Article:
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Tuesday, January 13, 2015

Photographing a Catastrophe

Guest Blogger Dept.: The original edition of this book came out in 1896 and was popular enough to be revised and reissued at least until 1922. Photographic Amusements, Including a Description of a Number of Novel Effects Obtainable with the Camera was compiled and edited by Walter E. Woodbury – Formerly Editor of “The Photographic Times,” Author of “The Encyclopedic Dictionary of Photography,” “Aristotypes and How to Make Them,” Etc., Etc. Along with learning how to create double- and triple-exposure shots, shoot at night, capture lightning and many other tips and techniques, here’s “How to Photograph a Catastrophe.”


ON THIS PAGE we reproduce a curious photograph by M. Bracq, which appeared some time ago in the Photo Gazette.

By M. Bracq. From Photo Gazette.

Despite all the terrible catastrophe which it represents, carrying pictures along with him in his fall, the subject has not experienced39 the least uneasiness, not even so much as will certainly be felt by our readers at the sight of the tumble represented.

The mode of operating in this case is very simple and we are indebted to La Nature for the description of the method employed by M. Bracq. The photographic apparatus being suspended at a few yards from the floor of the room, in such a way as to render the ground-glass horizontal (say between the two sides of a double ladder—a combination that permits of easy focusing and putting the plates in place), there is spread upon the floor a piece of wall paper, about 6 feet in length by 5 feet in width, at the bottom of which a wainscot has been drawn. A ladder, a few pictures, a statuette, and a bottle are so arranged as to give an observer the illusion of the wall of a room, that of a dining room for instance. A hammer, some nails, etc., are placed at the proper points. Finally, a 5 feet by 2-1/2 feet board, to which a piece of carpet, a cardboard plate, etc., have been attached, is placed under the foot of a chair, which then seems to rest upon this false floor at right angles with that of the room.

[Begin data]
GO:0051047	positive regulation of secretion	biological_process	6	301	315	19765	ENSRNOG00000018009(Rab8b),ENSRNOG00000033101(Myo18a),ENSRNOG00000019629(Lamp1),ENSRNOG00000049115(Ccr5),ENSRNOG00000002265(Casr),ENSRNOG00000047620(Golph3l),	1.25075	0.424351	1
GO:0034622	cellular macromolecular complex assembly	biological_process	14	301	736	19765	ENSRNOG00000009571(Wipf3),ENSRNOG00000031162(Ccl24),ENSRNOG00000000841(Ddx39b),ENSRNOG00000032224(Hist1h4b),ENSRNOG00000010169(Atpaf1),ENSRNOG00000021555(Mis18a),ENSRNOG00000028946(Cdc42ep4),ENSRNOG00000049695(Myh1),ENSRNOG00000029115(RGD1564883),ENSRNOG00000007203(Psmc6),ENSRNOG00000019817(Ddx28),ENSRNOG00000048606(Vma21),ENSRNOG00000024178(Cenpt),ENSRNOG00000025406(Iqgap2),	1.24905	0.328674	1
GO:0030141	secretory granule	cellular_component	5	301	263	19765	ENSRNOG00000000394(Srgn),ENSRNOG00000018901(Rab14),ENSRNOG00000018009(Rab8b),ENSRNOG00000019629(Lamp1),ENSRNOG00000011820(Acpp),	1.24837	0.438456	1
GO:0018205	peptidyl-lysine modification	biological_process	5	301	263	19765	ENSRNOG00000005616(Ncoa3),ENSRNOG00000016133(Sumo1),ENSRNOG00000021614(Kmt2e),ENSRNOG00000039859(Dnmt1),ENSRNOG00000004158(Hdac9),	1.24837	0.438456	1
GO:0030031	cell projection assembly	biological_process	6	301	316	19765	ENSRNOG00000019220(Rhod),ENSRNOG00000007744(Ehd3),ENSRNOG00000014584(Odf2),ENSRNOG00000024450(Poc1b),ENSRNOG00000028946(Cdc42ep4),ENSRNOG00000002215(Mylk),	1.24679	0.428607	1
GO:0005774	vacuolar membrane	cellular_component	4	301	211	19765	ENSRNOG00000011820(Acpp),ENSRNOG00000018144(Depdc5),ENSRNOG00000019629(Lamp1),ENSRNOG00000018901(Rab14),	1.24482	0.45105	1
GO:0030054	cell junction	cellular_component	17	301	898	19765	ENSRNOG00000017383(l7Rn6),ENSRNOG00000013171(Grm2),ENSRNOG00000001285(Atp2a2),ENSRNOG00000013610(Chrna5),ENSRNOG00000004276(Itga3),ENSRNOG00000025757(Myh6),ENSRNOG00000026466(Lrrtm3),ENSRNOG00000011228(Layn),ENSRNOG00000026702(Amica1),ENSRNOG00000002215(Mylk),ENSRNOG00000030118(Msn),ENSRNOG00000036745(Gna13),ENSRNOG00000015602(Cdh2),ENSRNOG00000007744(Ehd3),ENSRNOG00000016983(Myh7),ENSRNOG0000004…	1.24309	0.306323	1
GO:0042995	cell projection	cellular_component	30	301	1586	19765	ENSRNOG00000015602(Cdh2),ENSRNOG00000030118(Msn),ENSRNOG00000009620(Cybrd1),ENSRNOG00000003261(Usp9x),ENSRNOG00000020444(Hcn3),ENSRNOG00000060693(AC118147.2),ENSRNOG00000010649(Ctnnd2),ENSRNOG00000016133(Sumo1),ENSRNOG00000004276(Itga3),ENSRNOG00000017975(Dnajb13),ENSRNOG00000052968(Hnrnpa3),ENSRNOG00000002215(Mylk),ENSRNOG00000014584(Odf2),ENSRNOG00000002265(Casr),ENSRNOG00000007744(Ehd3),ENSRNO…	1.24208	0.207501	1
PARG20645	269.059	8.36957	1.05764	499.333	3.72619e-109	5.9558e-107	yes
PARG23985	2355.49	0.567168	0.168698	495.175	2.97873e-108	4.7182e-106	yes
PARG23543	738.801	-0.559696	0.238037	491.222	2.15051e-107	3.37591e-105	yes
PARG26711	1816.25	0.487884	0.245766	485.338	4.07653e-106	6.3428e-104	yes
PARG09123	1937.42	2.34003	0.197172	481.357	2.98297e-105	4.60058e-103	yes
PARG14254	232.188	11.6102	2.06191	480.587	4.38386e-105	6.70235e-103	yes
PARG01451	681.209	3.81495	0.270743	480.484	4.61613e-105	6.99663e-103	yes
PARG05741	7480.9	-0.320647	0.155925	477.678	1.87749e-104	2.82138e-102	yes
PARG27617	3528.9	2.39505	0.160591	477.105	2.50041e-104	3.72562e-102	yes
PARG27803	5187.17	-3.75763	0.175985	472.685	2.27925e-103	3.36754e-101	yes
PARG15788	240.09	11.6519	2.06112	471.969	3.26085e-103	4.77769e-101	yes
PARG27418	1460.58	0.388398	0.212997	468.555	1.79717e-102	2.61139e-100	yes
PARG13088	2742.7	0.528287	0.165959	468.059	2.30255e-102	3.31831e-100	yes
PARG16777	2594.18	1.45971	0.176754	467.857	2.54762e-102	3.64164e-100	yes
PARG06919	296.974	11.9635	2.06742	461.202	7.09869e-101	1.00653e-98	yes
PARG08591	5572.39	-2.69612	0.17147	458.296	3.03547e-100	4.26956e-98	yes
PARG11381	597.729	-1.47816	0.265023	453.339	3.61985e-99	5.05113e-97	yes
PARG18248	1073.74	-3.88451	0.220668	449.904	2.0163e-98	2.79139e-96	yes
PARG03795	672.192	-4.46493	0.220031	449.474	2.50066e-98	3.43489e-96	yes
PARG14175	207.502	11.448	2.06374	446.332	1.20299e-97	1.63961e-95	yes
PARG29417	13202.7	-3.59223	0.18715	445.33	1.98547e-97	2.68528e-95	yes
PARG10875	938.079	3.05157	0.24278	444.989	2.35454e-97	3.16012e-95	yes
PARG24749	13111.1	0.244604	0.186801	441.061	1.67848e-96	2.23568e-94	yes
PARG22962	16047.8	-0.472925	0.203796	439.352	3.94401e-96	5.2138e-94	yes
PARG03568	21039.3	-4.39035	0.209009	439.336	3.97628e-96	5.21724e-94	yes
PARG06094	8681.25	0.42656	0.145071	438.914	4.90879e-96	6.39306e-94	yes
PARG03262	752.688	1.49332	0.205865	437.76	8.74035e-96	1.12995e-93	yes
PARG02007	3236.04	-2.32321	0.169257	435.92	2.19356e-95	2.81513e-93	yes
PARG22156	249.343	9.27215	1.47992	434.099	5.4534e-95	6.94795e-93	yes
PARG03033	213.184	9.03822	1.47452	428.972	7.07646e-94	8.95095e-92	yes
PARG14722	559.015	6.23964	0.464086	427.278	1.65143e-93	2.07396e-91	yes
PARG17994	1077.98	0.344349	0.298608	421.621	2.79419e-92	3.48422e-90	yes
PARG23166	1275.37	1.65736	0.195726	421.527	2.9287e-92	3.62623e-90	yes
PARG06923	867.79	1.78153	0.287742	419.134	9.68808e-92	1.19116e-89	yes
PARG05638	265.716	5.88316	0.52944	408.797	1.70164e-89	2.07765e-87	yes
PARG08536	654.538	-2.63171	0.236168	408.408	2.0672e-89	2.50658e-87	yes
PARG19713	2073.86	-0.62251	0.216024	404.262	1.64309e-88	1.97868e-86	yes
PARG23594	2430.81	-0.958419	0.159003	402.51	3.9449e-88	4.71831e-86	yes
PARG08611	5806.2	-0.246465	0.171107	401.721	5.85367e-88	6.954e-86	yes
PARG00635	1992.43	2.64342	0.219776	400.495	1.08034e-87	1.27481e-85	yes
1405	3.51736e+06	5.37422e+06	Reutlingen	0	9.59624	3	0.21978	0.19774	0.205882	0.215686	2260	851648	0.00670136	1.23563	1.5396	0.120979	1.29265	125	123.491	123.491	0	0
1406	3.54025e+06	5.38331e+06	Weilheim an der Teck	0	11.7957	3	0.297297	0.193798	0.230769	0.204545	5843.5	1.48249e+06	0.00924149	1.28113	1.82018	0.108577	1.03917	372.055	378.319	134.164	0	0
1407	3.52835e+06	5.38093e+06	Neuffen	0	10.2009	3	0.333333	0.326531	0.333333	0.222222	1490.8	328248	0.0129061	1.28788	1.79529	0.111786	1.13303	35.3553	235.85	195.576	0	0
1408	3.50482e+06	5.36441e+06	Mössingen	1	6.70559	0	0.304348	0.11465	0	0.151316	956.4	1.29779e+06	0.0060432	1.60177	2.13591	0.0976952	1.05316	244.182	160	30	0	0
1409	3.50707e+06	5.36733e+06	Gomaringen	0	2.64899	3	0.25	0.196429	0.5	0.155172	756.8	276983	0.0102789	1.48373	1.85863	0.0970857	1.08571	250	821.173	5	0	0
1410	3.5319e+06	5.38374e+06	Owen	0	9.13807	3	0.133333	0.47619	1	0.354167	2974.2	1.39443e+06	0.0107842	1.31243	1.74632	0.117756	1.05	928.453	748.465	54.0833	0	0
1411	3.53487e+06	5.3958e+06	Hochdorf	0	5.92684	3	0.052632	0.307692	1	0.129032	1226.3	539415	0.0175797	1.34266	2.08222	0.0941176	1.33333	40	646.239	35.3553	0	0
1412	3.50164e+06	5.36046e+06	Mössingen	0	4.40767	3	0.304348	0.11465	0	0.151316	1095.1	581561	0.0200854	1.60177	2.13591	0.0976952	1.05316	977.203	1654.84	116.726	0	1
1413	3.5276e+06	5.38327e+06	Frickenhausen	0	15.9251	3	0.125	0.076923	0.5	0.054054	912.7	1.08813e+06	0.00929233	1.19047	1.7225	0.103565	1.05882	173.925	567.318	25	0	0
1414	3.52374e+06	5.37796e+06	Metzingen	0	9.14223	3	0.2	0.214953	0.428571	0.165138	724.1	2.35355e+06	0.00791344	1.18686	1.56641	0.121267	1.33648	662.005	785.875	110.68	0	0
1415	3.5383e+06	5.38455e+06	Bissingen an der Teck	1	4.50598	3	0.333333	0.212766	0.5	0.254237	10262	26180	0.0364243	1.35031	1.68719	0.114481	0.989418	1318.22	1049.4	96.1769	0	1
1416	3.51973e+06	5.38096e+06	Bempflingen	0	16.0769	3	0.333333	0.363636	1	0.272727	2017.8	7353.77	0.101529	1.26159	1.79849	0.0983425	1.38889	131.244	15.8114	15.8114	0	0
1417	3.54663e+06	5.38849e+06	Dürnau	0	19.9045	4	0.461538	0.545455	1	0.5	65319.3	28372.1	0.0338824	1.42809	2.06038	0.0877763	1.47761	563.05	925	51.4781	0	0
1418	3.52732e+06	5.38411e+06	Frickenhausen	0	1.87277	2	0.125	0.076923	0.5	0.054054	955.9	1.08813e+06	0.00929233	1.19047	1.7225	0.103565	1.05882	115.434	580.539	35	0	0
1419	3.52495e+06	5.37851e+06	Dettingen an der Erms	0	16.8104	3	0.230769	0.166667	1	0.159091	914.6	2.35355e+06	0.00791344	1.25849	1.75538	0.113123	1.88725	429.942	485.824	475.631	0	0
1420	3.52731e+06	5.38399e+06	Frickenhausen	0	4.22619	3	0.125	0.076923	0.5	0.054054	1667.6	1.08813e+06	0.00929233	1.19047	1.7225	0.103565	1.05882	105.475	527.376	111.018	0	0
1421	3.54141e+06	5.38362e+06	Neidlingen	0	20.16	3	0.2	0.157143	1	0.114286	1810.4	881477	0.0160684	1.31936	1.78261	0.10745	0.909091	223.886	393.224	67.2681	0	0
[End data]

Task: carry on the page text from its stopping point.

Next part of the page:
FIG. 29.
Everything being ready, the operator lies down quietly in the midst of these objects, assumes a frightened expression, and waits until the shutter announces to him that he can leave his not very painful position. This evidently is merely an example that our readers will be able to modify and vary at their will.

– from Photographic Amusements, American Photographic Publishing Co., Boston, Mass., 1922

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